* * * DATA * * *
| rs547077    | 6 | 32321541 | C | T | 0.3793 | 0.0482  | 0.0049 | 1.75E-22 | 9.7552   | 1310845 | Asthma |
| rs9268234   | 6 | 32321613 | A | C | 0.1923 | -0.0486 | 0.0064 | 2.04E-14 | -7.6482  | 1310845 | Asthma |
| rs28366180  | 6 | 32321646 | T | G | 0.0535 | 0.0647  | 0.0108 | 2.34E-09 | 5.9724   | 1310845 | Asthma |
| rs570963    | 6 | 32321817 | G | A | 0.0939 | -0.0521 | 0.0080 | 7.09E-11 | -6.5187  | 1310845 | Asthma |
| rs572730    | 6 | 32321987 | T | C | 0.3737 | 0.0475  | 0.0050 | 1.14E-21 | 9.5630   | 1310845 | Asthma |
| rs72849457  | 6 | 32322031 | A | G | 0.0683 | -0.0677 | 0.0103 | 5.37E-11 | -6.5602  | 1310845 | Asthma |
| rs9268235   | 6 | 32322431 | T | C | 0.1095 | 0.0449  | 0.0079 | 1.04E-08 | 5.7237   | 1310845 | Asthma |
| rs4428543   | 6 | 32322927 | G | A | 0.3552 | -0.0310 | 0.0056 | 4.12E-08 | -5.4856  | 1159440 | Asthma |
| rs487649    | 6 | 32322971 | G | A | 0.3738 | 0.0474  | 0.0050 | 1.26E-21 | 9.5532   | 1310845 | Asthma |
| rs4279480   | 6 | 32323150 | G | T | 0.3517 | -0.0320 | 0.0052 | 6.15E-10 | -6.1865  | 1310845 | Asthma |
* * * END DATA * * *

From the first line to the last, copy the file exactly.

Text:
| rs547077    | 6 | 32321541 | C | T | 0.3793 | 0.0482  | 0.0049 | 1.75E-22 | 9.7552   | 1310845 | Asthma |
| rs9268234   | 6 | 32321613 | A | C | 0.1923 | -0.0486 | 0.0064 | 2.04E-14 | -7.6482  | 1310845 | Asthma |
| rs28366180  | 6 | 32321646 | T | G | 0.0535 | 0.0647  | 0.0108 | 2.34E-09 | 5.9724   | 1310845 | Asthma |
| rs570963    | 6 | 32321817 | G | A | 0.0939 | -0.0521 | 0.0080 | 7.09E-11 | -6.5187  | 1310845 | Asthma |
| rs572730    | 6 | 32321987 | T | C | 0.3737 | 0.0475  | 0.0050 | 1.14E-21 | 9.5630   | 1310845 | Asthma |
| rs72849457  | 6 | 32322031 | A | G | 0.0683 | -0.0677 | 0.0103 | 5.37E-11 | -6.5602  | 1310845 | Asthma |
| rs9268235   | 6 | 32322431 | T | C | 0.1095 | 0.0449  | 0.0079 | 1.04E-08 | 5.7237   | 1310845 | Asthma |
| rs4428543   | 6 | 32322927 | G | A | 0.3552 | -0.0310 | 0.0056 | 4.12E-08 | -5.4856  | 1159440 | Asthma |
| rs487649    | 6 | 32322971 | G | A | 0.3738 | 0.0474  | 0.0050 | 1.26E-21 | 9.5532   | 1310845 | Asthma |
| rs4279480   | 6 | 32323150 | G | T | 0.3517 | -0.0320 | 0.0052 | 6.15E-10 | -6.1865  | 1310845 | Asthma |